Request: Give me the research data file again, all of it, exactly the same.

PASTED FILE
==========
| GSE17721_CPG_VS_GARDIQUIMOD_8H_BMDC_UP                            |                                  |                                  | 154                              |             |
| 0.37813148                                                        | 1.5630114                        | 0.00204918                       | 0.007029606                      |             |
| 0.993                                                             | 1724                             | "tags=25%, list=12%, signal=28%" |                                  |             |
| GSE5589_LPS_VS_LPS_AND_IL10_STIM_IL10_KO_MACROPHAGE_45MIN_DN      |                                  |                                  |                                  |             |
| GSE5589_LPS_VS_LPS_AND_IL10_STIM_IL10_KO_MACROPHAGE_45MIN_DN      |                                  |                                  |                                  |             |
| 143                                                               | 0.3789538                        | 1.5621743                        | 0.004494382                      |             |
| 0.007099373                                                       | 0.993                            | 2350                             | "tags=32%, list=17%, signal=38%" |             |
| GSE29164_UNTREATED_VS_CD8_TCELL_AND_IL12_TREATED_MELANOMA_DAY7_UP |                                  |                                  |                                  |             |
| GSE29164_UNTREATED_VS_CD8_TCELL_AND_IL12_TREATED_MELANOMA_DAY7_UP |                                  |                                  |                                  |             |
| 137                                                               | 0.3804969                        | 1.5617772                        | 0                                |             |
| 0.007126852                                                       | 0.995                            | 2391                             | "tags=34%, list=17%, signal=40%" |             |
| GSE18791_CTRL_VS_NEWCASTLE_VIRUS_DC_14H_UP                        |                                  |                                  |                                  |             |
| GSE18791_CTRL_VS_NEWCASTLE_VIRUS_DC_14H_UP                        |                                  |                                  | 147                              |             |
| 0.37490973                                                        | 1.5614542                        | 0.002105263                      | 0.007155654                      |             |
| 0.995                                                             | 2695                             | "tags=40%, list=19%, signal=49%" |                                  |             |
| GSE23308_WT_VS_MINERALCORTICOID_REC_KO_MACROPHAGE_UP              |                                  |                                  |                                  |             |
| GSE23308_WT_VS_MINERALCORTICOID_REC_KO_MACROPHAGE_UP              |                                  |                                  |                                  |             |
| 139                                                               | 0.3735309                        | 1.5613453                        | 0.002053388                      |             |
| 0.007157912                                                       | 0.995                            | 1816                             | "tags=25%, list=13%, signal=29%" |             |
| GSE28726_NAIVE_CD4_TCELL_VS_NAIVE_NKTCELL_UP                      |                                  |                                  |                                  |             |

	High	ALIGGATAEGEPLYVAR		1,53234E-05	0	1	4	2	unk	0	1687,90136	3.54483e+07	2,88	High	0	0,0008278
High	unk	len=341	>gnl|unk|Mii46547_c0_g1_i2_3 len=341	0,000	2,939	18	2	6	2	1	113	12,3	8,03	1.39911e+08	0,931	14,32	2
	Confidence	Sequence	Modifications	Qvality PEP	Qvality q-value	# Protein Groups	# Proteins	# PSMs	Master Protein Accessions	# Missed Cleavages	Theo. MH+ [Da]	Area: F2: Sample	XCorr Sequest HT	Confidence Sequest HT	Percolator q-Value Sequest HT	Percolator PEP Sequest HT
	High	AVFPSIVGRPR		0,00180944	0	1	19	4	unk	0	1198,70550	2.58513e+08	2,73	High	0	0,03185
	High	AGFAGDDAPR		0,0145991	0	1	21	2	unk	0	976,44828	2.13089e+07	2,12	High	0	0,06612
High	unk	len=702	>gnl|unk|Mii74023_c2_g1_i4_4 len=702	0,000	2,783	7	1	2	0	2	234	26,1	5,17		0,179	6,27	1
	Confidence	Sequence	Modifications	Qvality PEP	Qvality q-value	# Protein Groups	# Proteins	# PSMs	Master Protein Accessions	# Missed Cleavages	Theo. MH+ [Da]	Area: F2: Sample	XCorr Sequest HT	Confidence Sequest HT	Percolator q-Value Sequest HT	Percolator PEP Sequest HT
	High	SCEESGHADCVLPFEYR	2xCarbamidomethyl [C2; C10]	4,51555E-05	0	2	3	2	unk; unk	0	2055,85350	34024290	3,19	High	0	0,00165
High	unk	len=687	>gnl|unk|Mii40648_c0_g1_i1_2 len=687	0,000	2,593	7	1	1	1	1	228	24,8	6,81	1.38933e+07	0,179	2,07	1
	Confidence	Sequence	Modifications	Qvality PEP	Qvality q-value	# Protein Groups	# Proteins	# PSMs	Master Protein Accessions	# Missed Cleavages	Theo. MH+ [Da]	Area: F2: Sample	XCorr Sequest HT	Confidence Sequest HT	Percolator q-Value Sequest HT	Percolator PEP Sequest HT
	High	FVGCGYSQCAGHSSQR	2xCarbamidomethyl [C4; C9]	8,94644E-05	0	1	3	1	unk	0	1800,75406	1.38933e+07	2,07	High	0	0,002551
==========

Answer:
| GSE17721_CPG_VS_GARDIQUIMOD_8H_BMDC_UP                            |                                  |                                  | 154                              |             |
| 0.37813148                                                        | 1.5630114                        | 0.00204918                       | 0.007029606                      |             |
| 0.993                                                             | 1724                             | "tags=25%, list=12%, signal=28%" |                                  |             |
| GSE5589_LPS_VS_LPS_AND_IL10_STIM_IL10_KO_MACROPHAGE_45MIN_DN      |                                  |                                  |                                  |             |
| GSE5589_LPS_VS_LPS_AND_IL10_STIM_IL10_KO_MACROPHAGE_45MIN_DN      |                                  |                                  |                                  |             |
| 143                                                               | 0.3789538                        | 1.5621743                        | 0.004494382                      |             |
| 0.007099373                                                       | 0.993                            | 2350                             | "tags=32%, list=17%, signal=38%" |             |
| GSE29164_UNTREATED_VS_CD8_TCELL_AND_IL12_TREATED_MELANOMA_DAY7_UP |                                  |                                  |                                  |             |
| GSE29164_UNTREATED_VS_CD8_TCELL_AND_IL12_TREATED_MELANOMA_DAY7_UP |                                  |                                  |                                  |             |
| 137                                                               | 0.3804969                        | 1.5617772                        | 0                                |             |
| 0.007126852                                                       | 0.995                            | 2391                             | "tags=34%, list=17%, signal=40%" |             |
| GSE18791_CTRL_VS_NEWCASTLE_VIRUS_DC_14H_UP                        |                                  |                                  |                                  |             |
| GSE18791_CTRL_VS_NEWCASTLE_VIRUS_DC_14H_UP                        |                                  |                                  | 147                              |             |
| 0.37490973                                                        | 1.5614542                        | 0.002105263                      | 0.007155654                      |             |
| 0.995                                                             | 2695                             | "tags=40%, list=19%, signal=49%" |                                  |             |
| GSE23308_WT_VS_MINERALCORTICOID_REC_KO_MACROPHAGE_UP              |                                  |                                  |                                  |             |
| GSE23308_WT_VS_MINERALCORTICOID_REC_KO_MACROPHAGE_UP              |                                  |                                  |                                  |             |
| 139                                                               | 0.3735309                        | 1.5613453                        | 0.002053388                      |             |
| 0.007157912                                                       | 0.995                            | 1816                             | "tags=25%, list=13%, signal=29%" |             |
| GSE28726_NAIVE_CD4_TCELL_VS_NAIVE_NKTCELL_UP                      |                                  |                                  |                                  |             |

	High	ALIGGATAEGEPLYVAR		1,53234E-05	0	1	4	2	unk	0	1687,90136	3.54483e+07	2,88	High	0	0,0008278
High	unk	len=341	>gnl|unk|Mii46547_c0_g1_i2_3 len=341	0,000	2,939	18	2	6	2	1	113	12,3	8,03	1.39911e+08	0,931	14,32	2
	Confidence	Sequence	Modifications	Qvality PEP	Qvality q-value	# Protein Groups	# Proteins	# PSMs	Master Protein Accessions	# Missed Cleavages	Theo. MH+ [Da]	Area: F2: Sample	XCorr Sequest HT	Confidence Sequest HT	Percolator q-Value Sequest HT	Percolator PEP Sequest HT
	High	AVFPSIVGRPR		0,00180944	0	1	19	4	unk	0	1198,70550	2.58513e+08	2,73	High	0	0,03185
	High	AGFAGDDAPR		0,0145991	0	1	21	2	unk	0	976,44828	2.13089e+07	2,12	High	0	0,06612
High	unk	len=702	>gnl|unk|Mii74023_c2_g1_i4_4 len=702	0,000	2,783	7	1	2	0	2	234	26,1	5,17		0,179	6,27	1
	Confidence	Sequence	Modifications	Qvality PEP	Qvality q-value	# Protein Groups	# Proteins	# PSMs	Master Protein Accessions	# Missed Cleavages	Theo. MH+ [Da]	Area: F2: Sample	XCorr Sequest HT	Confidence Sequest HT	Percolator q-Value Sequest HT	Percolator PEP Sequest HT
	High	SCEESGHADCVLPFEYR	2xCarbamidomethyl [C2; C10]	4,51555E-05	0	2	3	2	unk; unk	0	2055,85350	34024290	3,19	High	0	0,00165
High	unk	len=687	>gnl|unk|Mii40648_c0_g1_i1_2 len=687	0,000	2,593	7	1	1	1	1	228	24,8	6,81	1.38933e+07	0,179	2,07	1
	Confidence	Sequence	Modifications	Qvality PEP	Qvality q-value	# Protein Groups	# Proteins	# PSMs	Master Protein Accessions	# Missed Cleavages	Theo. MH+ [Da]	Area: F2: Sample	XCorr Sequest HT	Confidence Sequest HT	Percolator q-Value Sequest HT	Percolator PEP Sequest HT
	High	FVGCGYSQCAGHSSQR	2xCarbamidomethyl [C4; C9]	8,94644E-05	0	1	3	1	unk	0	1800,75406	1.38933e+07	2,07	High	0	0,002551